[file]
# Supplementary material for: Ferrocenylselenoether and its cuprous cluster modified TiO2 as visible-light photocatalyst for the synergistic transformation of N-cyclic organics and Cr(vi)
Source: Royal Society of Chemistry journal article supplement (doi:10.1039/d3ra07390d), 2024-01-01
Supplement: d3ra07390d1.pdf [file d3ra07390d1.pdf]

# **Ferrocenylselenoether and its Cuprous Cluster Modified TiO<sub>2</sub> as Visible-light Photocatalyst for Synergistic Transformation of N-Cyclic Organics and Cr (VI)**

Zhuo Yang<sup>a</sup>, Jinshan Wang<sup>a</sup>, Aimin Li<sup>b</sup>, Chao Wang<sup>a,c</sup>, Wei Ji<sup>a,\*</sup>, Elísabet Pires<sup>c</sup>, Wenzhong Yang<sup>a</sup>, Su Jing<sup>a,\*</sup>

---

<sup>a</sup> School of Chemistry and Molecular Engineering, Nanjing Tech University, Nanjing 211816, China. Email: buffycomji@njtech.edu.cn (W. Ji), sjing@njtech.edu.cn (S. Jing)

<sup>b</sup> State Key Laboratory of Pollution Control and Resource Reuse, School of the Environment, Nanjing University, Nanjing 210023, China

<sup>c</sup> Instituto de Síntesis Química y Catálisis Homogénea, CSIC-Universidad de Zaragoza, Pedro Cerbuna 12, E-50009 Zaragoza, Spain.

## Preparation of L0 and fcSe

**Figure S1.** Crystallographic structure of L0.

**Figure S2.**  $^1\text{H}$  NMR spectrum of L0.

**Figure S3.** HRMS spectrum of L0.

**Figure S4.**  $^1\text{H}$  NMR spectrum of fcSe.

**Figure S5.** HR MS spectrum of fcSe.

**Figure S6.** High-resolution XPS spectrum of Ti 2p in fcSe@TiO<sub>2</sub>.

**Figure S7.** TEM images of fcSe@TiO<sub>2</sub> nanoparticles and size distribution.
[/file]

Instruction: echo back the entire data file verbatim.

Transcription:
# Supplementary material for: Ferrocenylselenoether and its cuprous cluster modified TiO2 as visible-light photocatalyst for the synergistic transformation of N-cyclic organics and Cr(vi)
Source: Royal Society of Chemistry journal article supplement (doi:10.1039/d3ra07390d), 2024-01-01
Supplement: d3ra07390d1.pdf [file d3ra07390d1.pdf]

# **Ferrocenylselenoether and its Cuprous Cluster Modified TiO<sub>2</sub> as Visible-light Photocatalyst for Synergistic Transformation of N-Cyclic Organics and Cr (VI)**

Zhuo Yang<sup>a</sup>, Jinshan Wang<sup>a</sup>, Aimin Li<sup>b</sup>, Chao Wang<sup>a,c</sup>, Wei Ji<sup>a,\*</sup>, Elísabet Pires<sup>c</sup>, Wenzhong Yang<sup>a</sup>, Su Jing<sup>a,\*</sup>

---

<sup>a</sup> School of Chemistry and Molecular Engineering, Nanjing Tech University, Nanjing 211816, China. Email: buffycomji@njtech.edu.cn (W. Ji), sjing@njtech.edu.cn (S. Jing)

<sup>b</sup> State Key Laboratory of Pollution Control and Resource Reuse, School of the Environment, Nanjing University, Nanjing 210023, China

<sup>c</sup> Instituto de Síntesis Química y Catálisis Homogénea, CSIC-Universidad de Zaragoza, Pedro Cerbuna 12, E-50009 Zaragoza, Spain.

## Preparation of L0 and fcSe

**Figure S1.** Crystallographic structure of L0.

**Figure S2.**  $^1\text{H}$  NMR spectrum of L0.

**Figure S3.** HRMS spectrum of L0.

**Figure S4.**  $^1\text{H}$  NMR spectrum of fcSe.

**Figure S5.** HR MS spectrum of fcSe.

**Figure S6.** High-resolution XPS spectrum of Ti 2p in fcSe@TiO<sub>2</sub>.

**Figure S7.** TEM images of fcSe@TiO<sub>2</sub> nanoparticles and size distribution.